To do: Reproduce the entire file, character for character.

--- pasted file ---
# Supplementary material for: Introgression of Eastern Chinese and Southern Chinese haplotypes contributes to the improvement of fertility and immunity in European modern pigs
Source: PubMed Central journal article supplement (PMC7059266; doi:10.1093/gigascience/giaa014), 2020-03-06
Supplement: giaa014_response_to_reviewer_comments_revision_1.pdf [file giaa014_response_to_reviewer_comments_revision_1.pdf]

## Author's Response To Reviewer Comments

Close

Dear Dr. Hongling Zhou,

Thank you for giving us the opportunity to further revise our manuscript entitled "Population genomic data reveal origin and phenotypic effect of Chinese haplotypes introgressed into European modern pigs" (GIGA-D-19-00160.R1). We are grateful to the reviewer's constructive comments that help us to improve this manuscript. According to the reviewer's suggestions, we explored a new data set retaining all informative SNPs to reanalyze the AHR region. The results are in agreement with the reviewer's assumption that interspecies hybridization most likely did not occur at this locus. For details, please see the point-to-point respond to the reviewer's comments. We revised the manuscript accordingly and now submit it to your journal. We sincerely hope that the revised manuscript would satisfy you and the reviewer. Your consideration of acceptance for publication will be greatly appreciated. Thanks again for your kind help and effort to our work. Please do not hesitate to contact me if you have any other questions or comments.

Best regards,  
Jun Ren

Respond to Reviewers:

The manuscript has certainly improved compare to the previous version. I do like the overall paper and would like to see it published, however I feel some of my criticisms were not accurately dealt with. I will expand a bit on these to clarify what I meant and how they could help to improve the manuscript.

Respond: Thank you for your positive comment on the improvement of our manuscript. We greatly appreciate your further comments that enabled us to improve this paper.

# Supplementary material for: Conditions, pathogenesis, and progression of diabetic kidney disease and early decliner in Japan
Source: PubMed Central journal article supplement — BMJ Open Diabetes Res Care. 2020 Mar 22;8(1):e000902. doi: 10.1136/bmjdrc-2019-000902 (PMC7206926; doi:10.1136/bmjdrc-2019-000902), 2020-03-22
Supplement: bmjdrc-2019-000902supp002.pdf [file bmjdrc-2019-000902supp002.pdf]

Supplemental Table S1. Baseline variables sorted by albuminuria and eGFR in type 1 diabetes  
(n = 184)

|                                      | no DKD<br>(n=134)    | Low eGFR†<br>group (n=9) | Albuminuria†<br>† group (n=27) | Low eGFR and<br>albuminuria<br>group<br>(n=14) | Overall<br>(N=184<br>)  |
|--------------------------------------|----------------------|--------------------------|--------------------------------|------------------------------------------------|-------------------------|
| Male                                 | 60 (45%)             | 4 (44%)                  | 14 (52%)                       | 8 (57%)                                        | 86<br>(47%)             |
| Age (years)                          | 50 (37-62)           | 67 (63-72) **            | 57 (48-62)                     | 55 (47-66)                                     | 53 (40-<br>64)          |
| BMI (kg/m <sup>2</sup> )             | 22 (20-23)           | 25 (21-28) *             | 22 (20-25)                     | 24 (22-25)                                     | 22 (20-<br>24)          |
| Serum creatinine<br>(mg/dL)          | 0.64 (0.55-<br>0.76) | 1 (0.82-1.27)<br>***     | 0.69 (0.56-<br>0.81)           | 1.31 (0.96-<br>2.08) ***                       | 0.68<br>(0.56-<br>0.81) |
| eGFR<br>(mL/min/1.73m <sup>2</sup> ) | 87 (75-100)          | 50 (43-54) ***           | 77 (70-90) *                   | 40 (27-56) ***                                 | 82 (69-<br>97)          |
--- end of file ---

# Supplementary material for: Introgression of Eastern Chinese and Southern Chinese haplotypes contributes to the improvement of fertility and immunity in European modern pigs
Source: PubMed Central journal article supplement (PMC7059266; doi:10.1093/gigascience/giaa014), 2020-03-06
Supplement: giaa014_response_to_reviewer_comments_revision_1.pdf [file giaa014_response_to_reviewer_comments_revision_1.pdf]

## Author's Response To Reviewer Comments

Close

Dear Dr. Hongling Zhou,

Thank you for giving us the opportunity to further revise our manuscript entitled "Population genomic data reveal origin and phenotypic effect of Chinese haplotypes introgressed into European modern pigs" (GIGA-D-19-00160.R1). We are grateful to the reviewer's constructive comments that help us to improve this manuscript. According to the reviewer's suggestions, we explored a new data set retaining all informative SNPs to reanalyze the AHR region. The results are in agreement with the reviewer's assumption that interspecies hybridization most likely did not occur at this locus. For details, please see the point-to-point respond to the reviewer's comments. We revised the manuscript accordingly and now submit it to your journal. We sincerely hope that the revised manuscript would satisfy you and the reviewer. Your consideration of acceptance for publication will be greatly appreciated. Thanks again for your kind help and effort to our work. Please do not hesitate to contact me if you have any other questions or comments.

Best regards,  
Jun Ren

Respond to Reviewers:

The manuscript has certainly improved compare to the previous version. I do like the overall paper and would like to see it published, however I feel some of my criticisms were not accurately dealt with. I will expand a bit on these to clarify what I meant and how they could help to improve the manuscript.

Respond: Thank you for your positive comment on the improvement of our manuscript. We greatly appreciate your further comments that enabled us to improve this paper.

# Supplementary material for: Conditions, pathogenesis, and progression of diabetic kidney disease and early decliner in Japan
Source: PubMed Central journal article supplement — BMJ Open Diabetes Res Care. 2020 Mar 22;8(1):e000902. doi: 10.1136/bmjdrc-2019-000902 (PMC7206926; doi:10.1136/bmjdrc-2019-000902), 2020-03-22
Supplement: bmjdrc-2019-000902supp002.pdf [file bmjdrc-2019-000902supp002.pdf]

Supplemental Table S1. Baseline variables sorted by albuminuria and eGFR in type 1 diabetes  
(n = 184)

|                                      | no DKD<br>(n=134)    | Low eGFR†<br>group (n=9) | Albuminuria†<br>† group (n=27) | Low eGFR and<br>albuminuria<br>group<br>(n=14) | Overall<br>(N=184<br>)  |
|--------------------------------------|----------------------|--------------------------|--------------------------------|------------------------------------------------|-------------------------|
| Male                                 | 60 (45%)             | 4 (44%)                  | 14 (52%)                       | 8 (57%)                                        | 86<br>(47%)             |
| Age (years)                          | 50 (37-62)           | 67 (63-72) **            | 57 (48-62)                     | 55 (47-66)                                     | 53 (40-<br>64)          |
| BMI (kg/m <sup>2</sup> )             | 22 (20-23)           | 25 (21-28) *             | 22 (20-25)                     | 24 (22-25)                                     | 22 (20-<br>24)          |
| Serum creatinine<br>(mg/dL)          | 0.64 (0.55-<br>0.76) | 1 (0.82-1.27)<br>***     | 0.69 (0.56-<br>0.81)           | 1.31 (0.96-<br>2.08) ***                       | 0.68<br>(0.56-<br>0.81) |
| eGFR<br>(mL/min/1.73m <sup>2</sup> ) | 87 (75-100)          | 50 (43-54) ***           | 77 (70-90) *                   | 40 (27-56) ***                                 | 82 (69-<br>97)          |